Following the awful storms and landslides in February, the Internal Revenue Service (IRS) has announced some great news for the victims. California storm survivors now have until May 15, 2023, to file various federal individual and business tax returns and make tax payments. This is a welcome relief for anyone living or working in any of the counties that have been designated by the Federal Emergency Management Agency (FEMA). If you’re not sure whether you qualify, you can check out the Tax Relief in Disaster Situations page on the IRS website for the most up-to-date information.
What does this tax relief cover?
The IRS has extended the tax relief to any area designated by FEMA, which means eligible taxpayers will have until May 15, 2023, to file returns and pay any taxes that were originally due between January 8, 2023, and May 15, 2023. This includes 2022 individual income tax returns, as well as various 2022 business returns. Farmers who normally file their returns by March 1 will also have until May 15, 2023, to file their 2022 returns and pay any tax due.
In addition, individual taxpayers can skip making the fourth quarter estimated tax payment, normally due January 17, 2023, and instead include it with the 2022 return they file, on or before May 15. The deadline also applies to quarterly payroll and excise tax returns normally due on January 31 and April 30, 2023. Penalties on payroll and excise tax deposits due on or after January 8, 2023, and before January 23, 2023, will be abated as long as the tax deposits are made by January 23, 2023.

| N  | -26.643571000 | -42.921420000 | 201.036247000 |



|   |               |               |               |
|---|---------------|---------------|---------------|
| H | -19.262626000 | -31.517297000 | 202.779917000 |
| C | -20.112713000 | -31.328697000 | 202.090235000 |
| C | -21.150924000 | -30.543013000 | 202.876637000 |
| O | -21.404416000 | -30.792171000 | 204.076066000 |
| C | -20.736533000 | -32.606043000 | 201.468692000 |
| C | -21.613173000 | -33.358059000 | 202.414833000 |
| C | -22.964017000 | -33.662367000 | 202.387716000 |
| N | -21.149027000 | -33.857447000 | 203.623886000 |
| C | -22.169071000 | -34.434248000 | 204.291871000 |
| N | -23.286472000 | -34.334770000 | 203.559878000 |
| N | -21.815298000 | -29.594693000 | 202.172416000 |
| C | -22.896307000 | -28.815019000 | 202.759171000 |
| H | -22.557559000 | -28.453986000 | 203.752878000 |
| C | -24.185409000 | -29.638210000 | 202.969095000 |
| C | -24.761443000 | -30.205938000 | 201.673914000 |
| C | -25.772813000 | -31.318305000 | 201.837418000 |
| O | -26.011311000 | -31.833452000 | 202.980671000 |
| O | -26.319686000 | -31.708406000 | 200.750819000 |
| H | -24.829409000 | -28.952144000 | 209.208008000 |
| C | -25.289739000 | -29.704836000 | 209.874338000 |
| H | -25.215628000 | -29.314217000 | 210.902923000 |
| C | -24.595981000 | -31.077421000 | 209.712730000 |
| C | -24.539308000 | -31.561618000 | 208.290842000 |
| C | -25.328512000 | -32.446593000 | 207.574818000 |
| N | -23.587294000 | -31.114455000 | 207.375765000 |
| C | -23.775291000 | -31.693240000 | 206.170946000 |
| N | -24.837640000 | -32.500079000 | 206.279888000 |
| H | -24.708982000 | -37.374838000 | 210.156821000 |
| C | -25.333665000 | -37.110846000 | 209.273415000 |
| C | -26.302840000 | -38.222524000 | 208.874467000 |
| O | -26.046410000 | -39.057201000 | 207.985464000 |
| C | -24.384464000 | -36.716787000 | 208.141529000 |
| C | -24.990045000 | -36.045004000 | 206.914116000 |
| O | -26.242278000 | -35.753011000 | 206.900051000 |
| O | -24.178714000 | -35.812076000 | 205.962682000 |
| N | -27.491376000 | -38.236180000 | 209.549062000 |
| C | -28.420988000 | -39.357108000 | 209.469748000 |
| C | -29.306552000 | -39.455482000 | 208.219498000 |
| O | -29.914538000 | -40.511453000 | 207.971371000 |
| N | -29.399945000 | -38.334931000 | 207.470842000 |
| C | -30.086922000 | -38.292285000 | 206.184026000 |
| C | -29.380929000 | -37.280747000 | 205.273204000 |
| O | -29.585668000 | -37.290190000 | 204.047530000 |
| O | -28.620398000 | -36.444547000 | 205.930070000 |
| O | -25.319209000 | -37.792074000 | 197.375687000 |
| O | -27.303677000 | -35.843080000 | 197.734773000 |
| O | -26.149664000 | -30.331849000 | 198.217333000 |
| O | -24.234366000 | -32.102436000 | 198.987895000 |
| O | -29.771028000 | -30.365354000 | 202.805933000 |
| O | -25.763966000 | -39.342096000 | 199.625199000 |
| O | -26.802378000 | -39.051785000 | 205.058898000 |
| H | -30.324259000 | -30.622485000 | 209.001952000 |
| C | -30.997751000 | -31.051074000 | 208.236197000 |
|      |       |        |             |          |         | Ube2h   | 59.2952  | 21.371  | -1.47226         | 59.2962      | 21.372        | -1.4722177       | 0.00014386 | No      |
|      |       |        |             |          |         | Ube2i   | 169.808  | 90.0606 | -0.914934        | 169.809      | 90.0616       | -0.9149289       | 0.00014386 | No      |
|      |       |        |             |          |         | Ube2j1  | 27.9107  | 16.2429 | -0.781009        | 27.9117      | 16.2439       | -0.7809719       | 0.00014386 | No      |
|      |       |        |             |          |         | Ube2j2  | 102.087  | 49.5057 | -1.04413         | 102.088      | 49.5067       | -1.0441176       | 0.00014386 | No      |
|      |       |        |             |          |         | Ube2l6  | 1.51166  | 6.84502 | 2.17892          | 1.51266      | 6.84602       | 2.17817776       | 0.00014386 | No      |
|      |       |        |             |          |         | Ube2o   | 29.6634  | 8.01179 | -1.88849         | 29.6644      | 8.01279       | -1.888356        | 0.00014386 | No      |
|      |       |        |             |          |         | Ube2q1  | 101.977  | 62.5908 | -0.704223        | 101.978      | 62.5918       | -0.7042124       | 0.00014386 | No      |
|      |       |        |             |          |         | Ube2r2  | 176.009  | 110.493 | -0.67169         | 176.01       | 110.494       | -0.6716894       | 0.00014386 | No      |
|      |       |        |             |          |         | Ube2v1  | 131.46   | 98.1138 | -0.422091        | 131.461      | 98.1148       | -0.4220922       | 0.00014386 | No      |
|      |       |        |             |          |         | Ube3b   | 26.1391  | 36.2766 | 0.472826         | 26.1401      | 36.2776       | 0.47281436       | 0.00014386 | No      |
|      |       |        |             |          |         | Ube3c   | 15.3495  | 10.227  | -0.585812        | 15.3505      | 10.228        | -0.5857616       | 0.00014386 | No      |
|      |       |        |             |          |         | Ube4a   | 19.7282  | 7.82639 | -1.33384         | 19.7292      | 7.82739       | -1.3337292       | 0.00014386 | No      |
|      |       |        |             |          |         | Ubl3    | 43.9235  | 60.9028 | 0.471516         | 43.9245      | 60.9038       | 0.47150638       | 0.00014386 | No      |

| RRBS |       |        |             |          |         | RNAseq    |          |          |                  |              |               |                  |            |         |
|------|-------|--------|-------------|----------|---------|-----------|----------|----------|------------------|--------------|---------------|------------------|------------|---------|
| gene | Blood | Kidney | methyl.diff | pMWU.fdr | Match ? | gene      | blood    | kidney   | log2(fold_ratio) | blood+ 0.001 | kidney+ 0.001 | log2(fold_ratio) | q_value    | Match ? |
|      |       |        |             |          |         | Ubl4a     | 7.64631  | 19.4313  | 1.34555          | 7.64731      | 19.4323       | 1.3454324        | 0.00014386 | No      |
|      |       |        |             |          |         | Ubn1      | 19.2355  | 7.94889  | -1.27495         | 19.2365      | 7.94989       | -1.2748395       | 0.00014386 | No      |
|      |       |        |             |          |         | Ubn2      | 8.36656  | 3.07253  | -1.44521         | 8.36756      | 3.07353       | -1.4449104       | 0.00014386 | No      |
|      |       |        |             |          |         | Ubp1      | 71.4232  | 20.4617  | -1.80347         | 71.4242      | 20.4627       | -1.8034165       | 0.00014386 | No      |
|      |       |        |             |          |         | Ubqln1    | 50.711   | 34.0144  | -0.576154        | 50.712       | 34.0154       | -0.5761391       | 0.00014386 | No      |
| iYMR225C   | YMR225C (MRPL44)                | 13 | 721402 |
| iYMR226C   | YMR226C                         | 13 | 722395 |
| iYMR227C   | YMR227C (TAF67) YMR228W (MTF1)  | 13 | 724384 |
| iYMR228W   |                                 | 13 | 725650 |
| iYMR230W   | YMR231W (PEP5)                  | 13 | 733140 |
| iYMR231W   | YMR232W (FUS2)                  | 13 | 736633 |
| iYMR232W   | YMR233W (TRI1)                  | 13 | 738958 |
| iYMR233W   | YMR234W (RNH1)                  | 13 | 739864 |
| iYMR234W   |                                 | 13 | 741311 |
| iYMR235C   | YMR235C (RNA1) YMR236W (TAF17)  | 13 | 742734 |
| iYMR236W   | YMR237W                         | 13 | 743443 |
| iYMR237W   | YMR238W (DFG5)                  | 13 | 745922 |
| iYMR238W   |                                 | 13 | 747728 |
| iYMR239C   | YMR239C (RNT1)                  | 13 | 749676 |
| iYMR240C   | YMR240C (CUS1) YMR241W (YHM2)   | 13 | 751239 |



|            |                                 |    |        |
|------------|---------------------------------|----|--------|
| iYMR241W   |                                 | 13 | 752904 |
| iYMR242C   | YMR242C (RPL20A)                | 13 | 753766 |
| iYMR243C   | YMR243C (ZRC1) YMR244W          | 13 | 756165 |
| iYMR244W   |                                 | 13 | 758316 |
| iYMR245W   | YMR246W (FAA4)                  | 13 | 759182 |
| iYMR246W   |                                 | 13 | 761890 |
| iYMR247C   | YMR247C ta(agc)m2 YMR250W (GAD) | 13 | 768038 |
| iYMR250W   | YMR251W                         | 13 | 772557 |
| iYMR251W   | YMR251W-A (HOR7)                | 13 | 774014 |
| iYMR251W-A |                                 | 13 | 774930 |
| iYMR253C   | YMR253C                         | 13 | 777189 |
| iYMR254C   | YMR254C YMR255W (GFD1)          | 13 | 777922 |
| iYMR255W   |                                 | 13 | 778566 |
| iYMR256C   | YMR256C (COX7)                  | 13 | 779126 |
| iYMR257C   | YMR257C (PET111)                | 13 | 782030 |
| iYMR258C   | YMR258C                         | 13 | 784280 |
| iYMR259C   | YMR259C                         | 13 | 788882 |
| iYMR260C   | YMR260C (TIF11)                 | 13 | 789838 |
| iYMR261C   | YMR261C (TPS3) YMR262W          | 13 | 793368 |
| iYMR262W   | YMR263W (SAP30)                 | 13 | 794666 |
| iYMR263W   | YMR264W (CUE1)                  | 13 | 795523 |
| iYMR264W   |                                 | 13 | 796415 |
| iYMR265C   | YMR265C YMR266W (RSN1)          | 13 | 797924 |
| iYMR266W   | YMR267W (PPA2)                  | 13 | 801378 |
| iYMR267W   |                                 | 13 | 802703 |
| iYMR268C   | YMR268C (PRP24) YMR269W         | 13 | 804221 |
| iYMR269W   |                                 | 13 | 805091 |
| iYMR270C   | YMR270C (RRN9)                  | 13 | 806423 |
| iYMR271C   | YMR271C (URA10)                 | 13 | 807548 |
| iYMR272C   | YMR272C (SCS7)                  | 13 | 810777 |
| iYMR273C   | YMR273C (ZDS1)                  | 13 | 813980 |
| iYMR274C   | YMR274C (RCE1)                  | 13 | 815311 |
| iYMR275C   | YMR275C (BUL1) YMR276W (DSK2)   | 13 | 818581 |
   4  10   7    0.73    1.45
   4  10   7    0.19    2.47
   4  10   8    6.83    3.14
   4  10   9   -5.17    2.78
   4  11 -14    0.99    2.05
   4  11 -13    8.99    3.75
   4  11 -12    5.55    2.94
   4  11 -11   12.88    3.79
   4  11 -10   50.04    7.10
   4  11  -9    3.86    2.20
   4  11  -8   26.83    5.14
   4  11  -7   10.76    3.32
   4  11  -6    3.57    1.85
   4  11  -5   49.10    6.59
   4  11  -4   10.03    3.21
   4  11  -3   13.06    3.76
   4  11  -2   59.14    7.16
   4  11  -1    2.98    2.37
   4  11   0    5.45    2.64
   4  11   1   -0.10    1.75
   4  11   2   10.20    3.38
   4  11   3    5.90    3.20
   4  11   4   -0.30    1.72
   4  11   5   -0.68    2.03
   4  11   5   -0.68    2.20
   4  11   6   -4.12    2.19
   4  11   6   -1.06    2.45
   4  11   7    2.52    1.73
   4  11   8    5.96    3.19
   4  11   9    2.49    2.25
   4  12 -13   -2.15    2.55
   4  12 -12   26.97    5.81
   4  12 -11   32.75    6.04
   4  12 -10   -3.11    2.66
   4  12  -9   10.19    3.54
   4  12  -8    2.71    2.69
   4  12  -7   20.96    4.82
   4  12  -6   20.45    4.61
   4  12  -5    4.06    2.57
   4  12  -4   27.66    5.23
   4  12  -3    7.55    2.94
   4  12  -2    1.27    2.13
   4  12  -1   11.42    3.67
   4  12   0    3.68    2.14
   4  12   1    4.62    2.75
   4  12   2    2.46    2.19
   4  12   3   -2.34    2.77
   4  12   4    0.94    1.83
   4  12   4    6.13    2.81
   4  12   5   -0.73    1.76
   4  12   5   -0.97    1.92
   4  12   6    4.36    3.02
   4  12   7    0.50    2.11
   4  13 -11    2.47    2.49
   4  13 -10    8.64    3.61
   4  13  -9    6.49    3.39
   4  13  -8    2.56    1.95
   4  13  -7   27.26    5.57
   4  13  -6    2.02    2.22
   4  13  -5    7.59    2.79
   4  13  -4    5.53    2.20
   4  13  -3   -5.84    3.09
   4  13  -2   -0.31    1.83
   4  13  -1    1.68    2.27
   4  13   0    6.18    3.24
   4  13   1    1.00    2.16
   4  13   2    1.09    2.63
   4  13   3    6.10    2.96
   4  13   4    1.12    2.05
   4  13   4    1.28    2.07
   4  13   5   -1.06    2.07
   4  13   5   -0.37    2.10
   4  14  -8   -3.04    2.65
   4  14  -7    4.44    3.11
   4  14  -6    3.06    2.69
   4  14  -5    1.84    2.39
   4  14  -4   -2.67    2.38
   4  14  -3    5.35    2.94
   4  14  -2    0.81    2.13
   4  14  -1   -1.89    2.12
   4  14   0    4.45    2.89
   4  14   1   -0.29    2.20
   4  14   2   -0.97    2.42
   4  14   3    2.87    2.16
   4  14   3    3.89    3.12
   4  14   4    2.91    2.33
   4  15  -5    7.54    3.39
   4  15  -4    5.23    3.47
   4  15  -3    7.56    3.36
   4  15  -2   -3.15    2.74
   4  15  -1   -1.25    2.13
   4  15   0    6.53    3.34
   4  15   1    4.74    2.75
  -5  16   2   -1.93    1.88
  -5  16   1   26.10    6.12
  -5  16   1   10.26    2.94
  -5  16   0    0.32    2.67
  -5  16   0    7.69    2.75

If you live in this disaster area, the IRS will automatically provide filing and penalty relief to you, so there’s no need to contact the agency. However, if you receive a late filing or late payment penalty notice from the IRS that has an original or extended filing, payment, or deposit due date falling within the postponement period, be sure to call the number on the notice to have the penalty abated.
If you’re outside the disaster area but your records necessary to meet a deadline occurring during the postponement period are located in the affected area, the IRS will work with you to provide relief. You can contact them at 866-562-5227.
If you suffered uninsured or unreimbursed disaster-related losses, you can choose to claim them on either the return for the year the loss occurred (2023 return normally filed next year) or the return for the prior year (2022, normally filed this tax season). Just remember to write the FEMA declaration number – 3591-EM − on any return claiming a loss.
The tax relief is part of a coordinated federal response to the damage caused by the storms and is based on local damage assessments by FEMA. For more information on disaster recovery, visit disasterassistance.gov.
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